In this article, I examine the relevance and desirability of shame and guilt to restorative justice conferences. I argue that a careful study of the psychology of shame and guilt reveals that both emotions possess traits that can be desirable and traits that can be undesirable for restoration. More in particular, having presented the aims of restorative justice, the importance of face-to-face conferences in reaching these aims, the emotional dynamics that take place within such conferences, and the relevant parts of the empirical psychology of shame and guilt, I argue that restorative justice practitioners have to take account of a rather more complex picture than it had hitherto been thought. Restorative conferences are not simply about "shame management," though practitioners must certainly avoid shaming and humiliation. Given the nature of shame, guilt, and restorative conferences, it is not possible to provide a single concrete precept applicable to all restorative conferences. The successful holding of conferences depends in large part on the cultural and situational specificities at hand. The latter include among others knowledge of the perceived relations standing between victim and offender as well as the affective specificities of the individuals involved.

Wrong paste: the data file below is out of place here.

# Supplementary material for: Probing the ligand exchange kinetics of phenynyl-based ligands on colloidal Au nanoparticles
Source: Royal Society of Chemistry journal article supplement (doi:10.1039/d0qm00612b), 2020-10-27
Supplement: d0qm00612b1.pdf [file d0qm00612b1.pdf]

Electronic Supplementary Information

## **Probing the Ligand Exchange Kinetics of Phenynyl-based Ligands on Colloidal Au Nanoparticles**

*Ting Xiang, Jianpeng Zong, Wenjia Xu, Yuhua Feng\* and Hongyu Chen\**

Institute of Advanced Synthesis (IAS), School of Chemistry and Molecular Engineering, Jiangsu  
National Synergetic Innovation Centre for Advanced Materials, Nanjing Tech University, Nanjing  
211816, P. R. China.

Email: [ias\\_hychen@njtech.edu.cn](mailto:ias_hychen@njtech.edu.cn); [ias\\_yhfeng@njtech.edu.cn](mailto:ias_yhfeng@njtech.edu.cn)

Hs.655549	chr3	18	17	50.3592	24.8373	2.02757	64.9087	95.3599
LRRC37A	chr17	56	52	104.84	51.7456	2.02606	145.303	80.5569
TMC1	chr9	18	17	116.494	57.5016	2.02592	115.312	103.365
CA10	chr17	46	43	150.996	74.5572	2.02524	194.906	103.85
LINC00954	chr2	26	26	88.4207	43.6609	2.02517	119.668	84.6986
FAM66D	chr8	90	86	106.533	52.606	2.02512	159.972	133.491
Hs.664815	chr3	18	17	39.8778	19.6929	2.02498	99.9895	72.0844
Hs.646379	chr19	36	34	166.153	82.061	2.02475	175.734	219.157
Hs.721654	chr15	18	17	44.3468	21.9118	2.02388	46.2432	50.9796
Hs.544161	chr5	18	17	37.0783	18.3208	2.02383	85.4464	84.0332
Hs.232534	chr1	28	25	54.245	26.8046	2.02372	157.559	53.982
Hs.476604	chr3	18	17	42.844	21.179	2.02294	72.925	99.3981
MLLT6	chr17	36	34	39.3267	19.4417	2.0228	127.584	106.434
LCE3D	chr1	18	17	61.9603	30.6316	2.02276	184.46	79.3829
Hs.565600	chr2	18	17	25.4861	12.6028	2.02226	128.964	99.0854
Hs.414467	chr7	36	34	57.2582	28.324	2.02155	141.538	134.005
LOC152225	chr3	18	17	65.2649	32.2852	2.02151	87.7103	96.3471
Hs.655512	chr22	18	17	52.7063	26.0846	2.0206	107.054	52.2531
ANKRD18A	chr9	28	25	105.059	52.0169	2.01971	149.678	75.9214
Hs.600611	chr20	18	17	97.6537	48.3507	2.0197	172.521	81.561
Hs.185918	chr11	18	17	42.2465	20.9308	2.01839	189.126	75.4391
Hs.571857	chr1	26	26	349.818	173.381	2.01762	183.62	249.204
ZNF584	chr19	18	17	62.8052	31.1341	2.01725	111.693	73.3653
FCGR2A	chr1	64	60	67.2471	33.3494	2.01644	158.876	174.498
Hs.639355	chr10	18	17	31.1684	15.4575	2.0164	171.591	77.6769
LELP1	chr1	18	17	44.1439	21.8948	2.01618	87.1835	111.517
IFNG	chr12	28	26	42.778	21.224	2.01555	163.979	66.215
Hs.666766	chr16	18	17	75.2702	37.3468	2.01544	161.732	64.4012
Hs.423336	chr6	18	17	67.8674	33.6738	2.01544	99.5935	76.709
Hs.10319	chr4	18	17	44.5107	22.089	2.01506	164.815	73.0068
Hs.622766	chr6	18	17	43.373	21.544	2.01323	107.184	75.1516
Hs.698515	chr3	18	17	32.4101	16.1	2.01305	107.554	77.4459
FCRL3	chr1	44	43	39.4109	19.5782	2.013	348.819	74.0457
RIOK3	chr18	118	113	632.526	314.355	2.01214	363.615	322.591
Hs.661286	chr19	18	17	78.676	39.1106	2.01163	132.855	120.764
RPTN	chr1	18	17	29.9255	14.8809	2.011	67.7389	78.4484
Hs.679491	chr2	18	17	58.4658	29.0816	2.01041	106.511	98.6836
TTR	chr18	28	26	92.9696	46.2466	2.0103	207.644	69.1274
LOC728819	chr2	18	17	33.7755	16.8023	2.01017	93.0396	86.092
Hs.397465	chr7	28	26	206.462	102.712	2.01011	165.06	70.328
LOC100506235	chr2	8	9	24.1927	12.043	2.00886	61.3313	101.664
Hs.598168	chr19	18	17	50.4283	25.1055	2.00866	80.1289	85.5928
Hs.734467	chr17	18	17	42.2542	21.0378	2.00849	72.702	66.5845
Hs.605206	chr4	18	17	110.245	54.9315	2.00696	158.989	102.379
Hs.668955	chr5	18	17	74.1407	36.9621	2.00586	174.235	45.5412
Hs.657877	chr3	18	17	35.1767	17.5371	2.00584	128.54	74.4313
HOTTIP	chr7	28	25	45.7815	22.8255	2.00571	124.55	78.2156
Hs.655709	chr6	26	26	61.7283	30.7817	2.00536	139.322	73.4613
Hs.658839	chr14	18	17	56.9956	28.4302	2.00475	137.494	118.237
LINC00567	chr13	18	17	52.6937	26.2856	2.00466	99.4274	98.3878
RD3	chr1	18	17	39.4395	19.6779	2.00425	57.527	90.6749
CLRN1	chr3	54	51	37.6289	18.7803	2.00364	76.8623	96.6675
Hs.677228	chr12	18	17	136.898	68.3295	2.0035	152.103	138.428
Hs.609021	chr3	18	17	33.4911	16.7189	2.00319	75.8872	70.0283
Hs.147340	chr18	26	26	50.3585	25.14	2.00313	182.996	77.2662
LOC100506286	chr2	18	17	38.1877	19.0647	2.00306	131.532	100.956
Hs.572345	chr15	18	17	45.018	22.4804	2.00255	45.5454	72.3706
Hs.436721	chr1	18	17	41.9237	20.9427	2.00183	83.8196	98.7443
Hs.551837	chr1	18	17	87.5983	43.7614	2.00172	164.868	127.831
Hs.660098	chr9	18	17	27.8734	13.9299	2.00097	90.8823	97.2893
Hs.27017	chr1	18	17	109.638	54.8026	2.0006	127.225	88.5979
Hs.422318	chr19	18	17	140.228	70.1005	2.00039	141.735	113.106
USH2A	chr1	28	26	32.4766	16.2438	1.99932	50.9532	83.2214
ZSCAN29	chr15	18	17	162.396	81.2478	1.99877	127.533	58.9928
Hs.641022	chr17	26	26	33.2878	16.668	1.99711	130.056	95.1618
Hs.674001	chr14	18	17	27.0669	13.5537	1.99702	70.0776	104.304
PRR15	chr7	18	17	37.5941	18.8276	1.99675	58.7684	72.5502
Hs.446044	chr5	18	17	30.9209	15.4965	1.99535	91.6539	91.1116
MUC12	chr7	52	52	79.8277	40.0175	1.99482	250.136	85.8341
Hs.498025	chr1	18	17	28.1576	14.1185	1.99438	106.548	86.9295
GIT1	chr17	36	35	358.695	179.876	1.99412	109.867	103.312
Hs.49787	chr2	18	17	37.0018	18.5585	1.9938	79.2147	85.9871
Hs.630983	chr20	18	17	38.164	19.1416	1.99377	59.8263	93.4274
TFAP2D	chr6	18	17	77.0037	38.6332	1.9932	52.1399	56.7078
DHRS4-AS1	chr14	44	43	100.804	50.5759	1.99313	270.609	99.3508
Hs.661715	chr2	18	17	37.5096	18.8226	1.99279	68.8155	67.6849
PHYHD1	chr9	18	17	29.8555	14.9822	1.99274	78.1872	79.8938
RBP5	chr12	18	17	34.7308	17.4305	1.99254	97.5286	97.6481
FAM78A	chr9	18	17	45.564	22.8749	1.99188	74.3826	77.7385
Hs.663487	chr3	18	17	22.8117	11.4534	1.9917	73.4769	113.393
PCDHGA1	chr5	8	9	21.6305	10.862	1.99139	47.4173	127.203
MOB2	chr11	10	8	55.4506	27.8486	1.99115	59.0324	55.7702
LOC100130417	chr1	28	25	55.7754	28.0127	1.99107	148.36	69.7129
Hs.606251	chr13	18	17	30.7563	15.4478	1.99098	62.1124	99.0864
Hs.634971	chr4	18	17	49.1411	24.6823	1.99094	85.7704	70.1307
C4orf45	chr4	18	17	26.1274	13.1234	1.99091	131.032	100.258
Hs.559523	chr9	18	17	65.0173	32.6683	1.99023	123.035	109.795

Psychology, Public Policy, and Law, 2008, Vol 14, Issue 2, p. 142-176